Merk History, Family Crest & Coats of Arms
- Origins Available:
The German state of Prussia, which reached the zenith of its power in the late 19th century, is the glorious birthplace of the distinguished surname Merk. In the medieval era, after the fall of the Roman Empire, the German lands were inhabited by a variety of barbarian tribes. The borders of the barbarian kingdoms changed frequently, but the region that became known in Prussia was roughly divided between the areas of Brandenburg-Prussia, West Prussia, and East Prussia. The colorful history of Brandenburg-Prussia, provides a glimpse at the oldest origins of the Merk family.
Early Origins of the Merk family
The surname Merk was first found in Prussia, where this family name became a prominent contributor to the development of the district from ancient times. Always prominent in social affairs, the name became an integral part of that turbulent region as it emerged to form alliances with other families within the feudal system.
Early History of the Merk family
This web page shows only a small excerpt of our Merk research. Another 203 words (14 lines of text) covering the years 1786, 1361, 1819, 1724, 1807, 1409, 1397, 1400, 1397, 1397, 1398, 1399, 1400, 1408, 1559 and 1485 are included under the topic Early Merk History in all our PDF Extended History products and printed products wherever possible.
Merk Spelling Variations
One can encounter great variation in the spelling of surnames: in early times, spelling in general, and thus the spelling of names was not yet standardized; and later, spellings would change with branching and movement of families. Variations of the name Merk include Mark, Marck, Marcker, Marckert, Marquart, Marquard, Marque, Markert, Marker, Marcart, Marcard, Marquart, Marquard and many more.
Early Notables of the Merk family (pre 1700)
Prominent bearers of the family name Merk during this time period were Thomas Merke (Merks) (died 1409), an English priest and Bishop of Carlisle (1397-1400), Educated at Oxford University, be became a Benedictine monk at Westminster Abbey, consecrated bishop about 1397, served Richard II as ambassador to various German princes in 1397, one of the commissioners who negotiated the dowry of Isabella of Valois in 1398, and accompanied the king to Ireland in 1399, supported Richard against the usurper Henry IV and in 1400 was imprisoned...
Another 86 words (6 lines of text) are included under the topic Early Merk Notables in all our PDF Extended History products and printed products wherever possible.
Merk migration to the United States +
Much of German history has been shaped by the state of Prussia. It was an enduring military power until after the Second World War. At that time, the state was abolished altogether and its land divided between the Soviet Union, Poland, East Germany and West Germany. While some Prussians were content to remain in those countries, others moved away, many of them migrating to North America. They entered the United States mostly through Philadelphia, moving on to Ohio, Texas, Illinois, California, New York, and Maryland. Others went to Canada, settling on the prairies and in the province of Ontario. Among those of this surname listed in various historical records were:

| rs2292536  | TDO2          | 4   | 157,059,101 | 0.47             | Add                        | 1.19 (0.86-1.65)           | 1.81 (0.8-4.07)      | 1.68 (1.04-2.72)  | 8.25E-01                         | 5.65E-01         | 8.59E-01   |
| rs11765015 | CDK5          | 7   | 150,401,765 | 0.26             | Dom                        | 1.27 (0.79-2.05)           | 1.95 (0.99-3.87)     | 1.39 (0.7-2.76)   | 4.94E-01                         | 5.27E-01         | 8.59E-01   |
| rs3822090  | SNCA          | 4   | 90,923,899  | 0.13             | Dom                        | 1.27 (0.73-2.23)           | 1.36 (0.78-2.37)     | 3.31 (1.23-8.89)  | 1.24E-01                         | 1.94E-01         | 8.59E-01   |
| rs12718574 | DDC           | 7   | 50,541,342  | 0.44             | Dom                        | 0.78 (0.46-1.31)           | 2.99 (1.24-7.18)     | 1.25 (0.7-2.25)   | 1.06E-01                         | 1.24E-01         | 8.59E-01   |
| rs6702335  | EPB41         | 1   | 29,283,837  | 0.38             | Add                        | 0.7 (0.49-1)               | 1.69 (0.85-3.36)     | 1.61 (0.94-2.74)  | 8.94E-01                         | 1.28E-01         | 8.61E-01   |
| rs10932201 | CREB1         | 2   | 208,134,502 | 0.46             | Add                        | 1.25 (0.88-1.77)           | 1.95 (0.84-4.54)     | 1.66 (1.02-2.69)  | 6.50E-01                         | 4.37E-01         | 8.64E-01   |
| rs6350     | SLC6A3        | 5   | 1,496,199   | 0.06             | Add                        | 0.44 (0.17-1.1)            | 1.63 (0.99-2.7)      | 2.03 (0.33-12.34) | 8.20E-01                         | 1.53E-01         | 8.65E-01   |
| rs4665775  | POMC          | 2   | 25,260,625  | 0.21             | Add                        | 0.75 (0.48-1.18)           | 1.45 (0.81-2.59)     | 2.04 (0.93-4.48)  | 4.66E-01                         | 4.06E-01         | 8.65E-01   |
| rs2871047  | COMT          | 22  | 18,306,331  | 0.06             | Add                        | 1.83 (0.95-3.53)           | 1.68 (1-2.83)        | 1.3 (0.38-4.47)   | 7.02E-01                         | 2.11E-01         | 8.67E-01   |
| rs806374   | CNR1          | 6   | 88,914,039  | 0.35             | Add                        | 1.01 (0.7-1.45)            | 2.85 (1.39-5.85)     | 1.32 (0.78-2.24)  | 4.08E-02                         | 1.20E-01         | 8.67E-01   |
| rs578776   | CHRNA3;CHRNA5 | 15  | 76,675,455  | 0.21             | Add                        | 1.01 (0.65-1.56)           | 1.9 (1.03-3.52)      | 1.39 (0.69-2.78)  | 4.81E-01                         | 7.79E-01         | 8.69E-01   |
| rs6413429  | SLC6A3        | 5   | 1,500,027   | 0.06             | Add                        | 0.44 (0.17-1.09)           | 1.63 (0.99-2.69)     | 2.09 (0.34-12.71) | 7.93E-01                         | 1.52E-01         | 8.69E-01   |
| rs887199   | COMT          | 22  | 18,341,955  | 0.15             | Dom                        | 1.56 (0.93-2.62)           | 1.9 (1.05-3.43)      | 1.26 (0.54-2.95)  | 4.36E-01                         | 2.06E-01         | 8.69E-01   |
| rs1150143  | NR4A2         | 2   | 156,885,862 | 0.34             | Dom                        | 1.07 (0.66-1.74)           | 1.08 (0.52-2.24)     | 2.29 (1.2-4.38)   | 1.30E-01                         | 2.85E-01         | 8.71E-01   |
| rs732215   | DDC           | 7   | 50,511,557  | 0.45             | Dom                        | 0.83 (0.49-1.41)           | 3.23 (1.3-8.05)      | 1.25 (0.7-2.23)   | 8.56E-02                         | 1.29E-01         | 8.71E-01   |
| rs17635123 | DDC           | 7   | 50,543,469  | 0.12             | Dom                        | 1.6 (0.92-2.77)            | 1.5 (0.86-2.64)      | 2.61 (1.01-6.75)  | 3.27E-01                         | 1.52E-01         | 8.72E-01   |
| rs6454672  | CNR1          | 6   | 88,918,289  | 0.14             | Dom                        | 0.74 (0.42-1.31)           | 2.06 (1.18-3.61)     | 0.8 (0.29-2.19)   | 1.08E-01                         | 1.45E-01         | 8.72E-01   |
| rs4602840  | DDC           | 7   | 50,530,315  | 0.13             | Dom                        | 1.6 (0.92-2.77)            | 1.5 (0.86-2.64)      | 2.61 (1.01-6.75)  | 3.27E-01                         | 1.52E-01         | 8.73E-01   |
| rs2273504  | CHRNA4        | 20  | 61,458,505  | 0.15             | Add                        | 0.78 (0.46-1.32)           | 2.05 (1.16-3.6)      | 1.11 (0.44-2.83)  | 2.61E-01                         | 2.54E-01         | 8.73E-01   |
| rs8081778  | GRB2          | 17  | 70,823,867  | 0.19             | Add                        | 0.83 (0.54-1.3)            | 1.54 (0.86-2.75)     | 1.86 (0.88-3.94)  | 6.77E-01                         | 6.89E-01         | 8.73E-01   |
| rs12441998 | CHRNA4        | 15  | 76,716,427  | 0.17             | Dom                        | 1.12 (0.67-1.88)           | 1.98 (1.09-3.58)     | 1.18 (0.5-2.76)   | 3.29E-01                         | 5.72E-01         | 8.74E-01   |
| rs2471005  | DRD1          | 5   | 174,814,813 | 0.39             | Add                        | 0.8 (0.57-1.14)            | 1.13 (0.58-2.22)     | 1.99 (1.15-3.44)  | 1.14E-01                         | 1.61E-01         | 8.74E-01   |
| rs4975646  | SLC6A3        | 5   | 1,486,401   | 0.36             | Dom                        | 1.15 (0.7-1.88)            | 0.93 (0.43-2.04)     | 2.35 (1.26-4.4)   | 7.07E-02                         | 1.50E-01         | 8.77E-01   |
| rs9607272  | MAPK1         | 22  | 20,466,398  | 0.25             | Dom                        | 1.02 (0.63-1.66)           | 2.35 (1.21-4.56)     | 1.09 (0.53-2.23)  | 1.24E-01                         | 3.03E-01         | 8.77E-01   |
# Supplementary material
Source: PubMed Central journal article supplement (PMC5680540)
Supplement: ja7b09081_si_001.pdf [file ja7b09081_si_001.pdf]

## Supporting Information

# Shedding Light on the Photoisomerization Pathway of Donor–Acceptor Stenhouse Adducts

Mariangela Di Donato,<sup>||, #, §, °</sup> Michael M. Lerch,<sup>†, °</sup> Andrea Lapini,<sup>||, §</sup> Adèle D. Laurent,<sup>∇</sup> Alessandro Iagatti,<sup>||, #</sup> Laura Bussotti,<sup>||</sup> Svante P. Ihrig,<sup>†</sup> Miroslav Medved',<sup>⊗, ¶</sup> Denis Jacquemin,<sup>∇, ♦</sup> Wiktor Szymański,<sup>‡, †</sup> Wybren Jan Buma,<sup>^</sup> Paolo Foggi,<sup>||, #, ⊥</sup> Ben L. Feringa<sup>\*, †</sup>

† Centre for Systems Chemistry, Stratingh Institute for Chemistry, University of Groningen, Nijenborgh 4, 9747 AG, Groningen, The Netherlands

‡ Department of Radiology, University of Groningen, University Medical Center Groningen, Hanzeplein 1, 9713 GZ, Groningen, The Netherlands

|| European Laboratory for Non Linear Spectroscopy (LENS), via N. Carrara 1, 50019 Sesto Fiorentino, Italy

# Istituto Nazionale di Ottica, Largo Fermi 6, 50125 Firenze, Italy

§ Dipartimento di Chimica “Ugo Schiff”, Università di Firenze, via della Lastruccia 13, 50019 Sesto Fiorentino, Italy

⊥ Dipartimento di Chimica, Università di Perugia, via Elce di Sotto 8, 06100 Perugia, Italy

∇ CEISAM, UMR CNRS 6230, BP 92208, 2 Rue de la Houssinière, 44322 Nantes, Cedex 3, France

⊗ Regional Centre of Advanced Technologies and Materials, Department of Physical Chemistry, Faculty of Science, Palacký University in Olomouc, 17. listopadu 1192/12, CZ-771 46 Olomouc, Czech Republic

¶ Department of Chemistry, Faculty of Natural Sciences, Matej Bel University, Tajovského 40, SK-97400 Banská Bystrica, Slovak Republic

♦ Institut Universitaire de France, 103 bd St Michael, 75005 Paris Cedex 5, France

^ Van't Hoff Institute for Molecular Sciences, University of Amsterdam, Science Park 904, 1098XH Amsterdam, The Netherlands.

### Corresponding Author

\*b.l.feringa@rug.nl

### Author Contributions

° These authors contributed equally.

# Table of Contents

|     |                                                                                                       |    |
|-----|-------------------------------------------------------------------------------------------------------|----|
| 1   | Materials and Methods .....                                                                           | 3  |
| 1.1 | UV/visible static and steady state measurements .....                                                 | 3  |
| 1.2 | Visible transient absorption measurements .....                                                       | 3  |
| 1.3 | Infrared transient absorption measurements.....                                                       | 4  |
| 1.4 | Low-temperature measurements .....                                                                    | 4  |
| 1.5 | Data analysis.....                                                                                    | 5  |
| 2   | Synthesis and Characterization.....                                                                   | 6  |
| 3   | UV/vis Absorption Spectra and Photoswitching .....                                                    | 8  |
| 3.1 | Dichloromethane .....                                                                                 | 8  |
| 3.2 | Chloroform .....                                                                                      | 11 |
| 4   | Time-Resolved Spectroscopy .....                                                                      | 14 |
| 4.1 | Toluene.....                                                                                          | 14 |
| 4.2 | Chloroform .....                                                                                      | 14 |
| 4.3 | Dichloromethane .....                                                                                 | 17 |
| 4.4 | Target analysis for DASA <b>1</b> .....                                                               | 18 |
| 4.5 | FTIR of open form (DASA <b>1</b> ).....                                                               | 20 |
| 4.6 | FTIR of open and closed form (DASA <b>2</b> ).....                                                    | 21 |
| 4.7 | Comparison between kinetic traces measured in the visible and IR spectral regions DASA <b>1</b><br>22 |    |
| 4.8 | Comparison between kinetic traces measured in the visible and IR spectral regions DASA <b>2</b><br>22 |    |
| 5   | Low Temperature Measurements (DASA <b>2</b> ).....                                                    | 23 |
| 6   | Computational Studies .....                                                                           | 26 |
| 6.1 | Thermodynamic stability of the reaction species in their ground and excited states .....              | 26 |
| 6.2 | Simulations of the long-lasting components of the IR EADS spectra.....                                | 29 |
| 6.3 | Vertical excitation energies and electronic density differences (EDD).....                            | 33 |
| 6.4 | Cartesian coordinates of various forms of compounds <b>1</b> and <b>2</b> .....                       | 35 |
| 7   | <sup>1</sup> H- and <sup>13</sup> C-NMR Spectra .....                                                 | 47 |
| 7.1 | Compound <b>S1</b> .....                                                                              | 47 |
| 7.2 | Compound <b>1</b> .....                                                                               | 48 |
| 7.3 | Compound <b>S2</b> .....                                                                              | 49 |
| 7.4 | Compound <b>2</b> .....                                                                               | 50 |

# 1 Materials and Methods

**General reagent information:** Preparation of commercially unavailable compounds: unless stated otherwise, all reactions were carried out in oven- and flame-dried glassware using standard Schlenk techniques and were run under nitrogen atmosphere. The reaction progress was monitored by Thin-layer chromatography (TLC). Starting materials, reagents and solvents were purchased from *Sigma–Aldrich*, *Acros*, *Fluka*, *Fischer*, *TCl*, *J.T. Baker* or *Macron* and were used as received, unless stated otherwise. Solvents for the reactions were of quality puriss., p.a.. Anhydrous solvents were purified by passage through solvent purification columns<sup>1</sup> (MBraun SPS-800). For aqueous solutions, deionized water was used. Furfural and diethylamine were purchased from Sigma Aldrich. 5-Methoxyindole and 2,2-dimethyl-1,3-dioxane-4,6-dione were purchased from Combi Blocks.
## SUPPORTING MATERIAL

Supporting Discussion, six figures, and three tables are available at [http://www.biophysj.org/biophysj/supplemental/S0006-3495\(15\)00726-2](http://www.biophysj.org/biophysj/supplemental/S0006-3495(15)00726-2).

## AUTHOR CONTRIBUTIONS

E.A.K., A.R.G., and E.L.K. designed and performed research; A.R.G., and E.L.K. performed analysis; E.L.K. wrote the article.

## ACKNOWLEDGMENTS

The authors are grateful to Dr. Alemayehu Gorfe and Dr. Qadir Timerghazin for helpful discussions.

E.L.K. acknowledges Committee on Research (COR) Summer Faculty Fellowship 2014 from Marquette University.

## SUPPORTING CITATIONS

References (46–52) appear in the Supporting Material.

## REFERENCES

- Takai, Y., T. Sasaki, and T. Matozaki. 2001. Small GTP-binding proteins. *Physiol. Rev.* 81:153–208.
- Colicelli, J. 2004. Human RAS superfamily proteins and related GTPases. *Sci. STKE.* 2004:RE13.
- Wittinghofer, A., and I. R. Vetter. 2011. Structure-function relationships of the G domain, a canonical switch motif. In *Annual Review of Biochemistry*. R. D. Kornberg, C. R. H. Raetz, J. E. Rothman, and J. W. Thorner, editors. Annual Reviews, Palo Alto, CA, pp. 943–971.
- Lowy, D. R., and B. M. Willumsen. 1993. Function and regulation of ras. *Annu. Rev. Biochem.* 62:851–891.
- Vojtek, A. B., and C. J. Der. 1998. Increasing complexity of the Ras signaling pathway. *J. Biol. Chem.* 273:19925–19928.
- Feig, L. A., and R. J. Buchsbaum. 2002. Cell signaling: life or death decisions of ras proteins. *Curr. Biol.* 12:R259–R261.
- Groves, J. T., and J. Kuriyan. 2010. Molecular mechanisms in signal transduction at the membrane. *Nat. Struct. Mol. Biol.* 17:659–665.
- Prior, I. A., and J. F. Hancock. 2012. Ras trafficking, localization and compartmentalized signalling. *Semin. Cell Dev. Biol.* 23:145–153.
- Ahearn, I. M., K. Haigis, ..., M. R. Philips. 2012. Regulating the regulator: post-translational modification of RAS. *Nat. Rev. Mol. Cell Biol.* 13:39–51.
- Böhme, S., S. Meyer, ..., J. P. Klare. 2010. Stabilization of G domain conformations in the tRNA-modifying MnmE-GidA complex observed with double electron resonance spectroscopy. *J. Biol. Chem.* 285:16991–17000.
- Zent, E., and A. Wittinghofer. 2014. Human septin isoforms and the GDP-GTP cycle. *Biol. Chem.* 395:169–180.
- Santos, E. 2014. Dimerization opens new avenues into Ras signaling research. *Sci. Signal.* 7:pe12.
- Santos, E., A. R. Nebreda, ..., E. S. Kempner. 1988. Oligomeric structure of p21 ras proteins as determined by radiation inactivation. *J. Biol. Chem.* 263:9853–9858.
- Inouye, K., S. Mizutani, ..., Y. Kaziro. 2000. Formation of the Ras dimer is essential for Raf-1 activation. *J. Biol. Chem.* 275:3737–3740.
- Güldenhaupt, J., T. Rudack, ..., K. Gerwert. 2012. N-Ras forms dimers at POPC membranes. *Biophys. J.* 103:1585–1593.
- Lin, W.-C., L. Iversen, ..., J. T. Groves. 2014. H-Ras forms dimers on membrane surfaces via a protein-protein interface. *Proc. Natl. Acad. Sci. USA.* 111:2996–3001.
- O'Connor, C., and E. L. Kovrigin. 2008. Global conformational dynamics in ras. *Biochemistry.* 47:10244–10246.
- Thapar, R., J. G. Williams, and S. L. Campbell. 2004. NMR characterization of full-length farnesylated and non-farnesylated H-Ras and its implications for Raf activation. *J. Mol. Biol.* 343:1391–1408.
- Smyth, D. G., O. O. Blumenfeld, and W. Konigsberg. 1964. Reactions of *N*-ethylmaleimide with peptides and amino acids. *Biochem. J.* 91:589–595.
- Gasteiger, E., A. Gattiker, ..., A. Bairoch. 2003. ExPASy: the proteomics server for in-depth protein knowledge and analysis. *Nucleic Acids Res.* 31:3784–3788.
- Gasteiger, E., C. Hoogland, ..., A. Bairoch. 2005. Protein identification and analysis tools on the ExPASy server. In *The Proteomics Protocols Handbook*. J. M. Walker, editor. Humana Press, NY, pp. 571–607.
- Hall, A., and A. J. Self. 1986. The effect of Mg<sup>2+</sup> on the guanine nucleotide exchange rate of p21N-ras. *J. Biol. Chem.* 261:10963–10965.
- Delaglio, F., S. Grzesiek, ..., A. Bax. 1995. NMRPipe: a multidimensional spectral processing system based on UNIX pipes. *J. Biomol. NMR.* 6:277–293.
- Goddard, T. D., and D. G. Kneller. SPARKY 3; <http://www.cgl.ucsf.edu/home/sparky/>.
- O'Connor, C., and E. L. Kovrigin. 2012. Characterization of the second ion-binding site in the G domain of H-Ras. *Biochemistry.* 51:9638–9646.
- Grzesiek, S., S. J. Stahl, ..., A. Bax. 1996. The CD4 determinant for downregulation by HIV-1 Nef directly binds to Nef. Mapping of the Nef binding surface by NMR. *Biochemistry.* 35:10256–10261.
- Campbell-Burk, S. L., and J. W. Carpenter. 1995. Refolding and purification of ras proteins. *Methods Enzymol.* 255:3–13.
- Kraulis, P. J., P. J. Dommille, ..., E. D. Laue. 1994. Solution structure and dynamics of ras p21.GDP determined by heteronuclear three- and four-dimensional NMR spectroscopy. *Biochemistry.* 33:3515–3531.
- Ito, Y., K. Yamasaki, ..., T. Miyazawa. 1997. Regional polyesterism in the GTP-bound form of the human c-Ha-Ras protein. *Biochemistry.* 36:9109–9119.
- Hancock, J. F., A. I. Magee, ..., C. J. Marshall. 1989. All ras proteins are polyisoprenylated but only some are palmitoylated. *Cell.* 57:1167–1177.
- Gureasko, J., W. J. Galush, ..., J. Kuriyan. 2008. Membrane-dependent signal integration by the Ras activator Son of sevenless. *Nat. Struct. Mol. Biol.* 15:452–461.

Merk Settlers in United States in the 18th Century
- Henrich Merk, who landed in Pennsylvania in 1735 
- Johann Heinrich Merk, who arrived in Pennsylvania in 1757 
Merk Settlers in United States in the 19th Century
- George C Merk, who arrived in St Clair County, Illinois in 1842 
Contemporary Notables of the name Merk (post 1700) +
- Frederick Merk (1887-1977), American historian who taught at Harvard University from 1924 to 1956
- Marion Caspers- Merk (b. 1955), German politician and member of the SPD
- Markus Merk (b. 1962), German former football referee, six-time winner of the German Referee of the Year Award
- Ernst Merk (1903-1976), Bavarian Generalmajor in the Wehrmacht during World War II, recipient of the Knight's Cross of the Iron Cross
- Waldemar Merk (b. 1959), Polish silver and bronze medalist sprint canoer at the 1981 World Championships
- Larisa Viktorovna Merk (b. 1971), Russian bronze medalist rower in the quadruple sculls event at the 2000 Summer Olympics
- Joseph Merk (1795-1852), Austrian cellist and composer
Related Stories +
The Merk Motto +
The motto was originally a war cry or slogan. Mottoes first began to be shown with arms in the 14th and 15th centuries, but were not in general use until the 17th century. Thus the oldest coats of arms generally do not include a motto. Mottoes seldom form part of the grant of arms: Under most heraldic authorities, a motto is an optional component of the coat of arms, and can be added to or changed at will; many families have chosen not to display a motto.
Motto: Fortitudine et fidelitate
Motto Translation: By fortitude and fidelity.
- ^ Filby, P. William, Meyer, Mary K., Passenger and immigration lists index : a guide to published arrival records of about 500,000 passengers who came to the United States and Canada in the seventeenth, eighteenth, and nineteenth centuries. 1982-1985 Cumulated Supplements in Four Volumes Detroit, Mich. : Gale Research Co., 1985, Print (ISBN 0-8103-1795-8)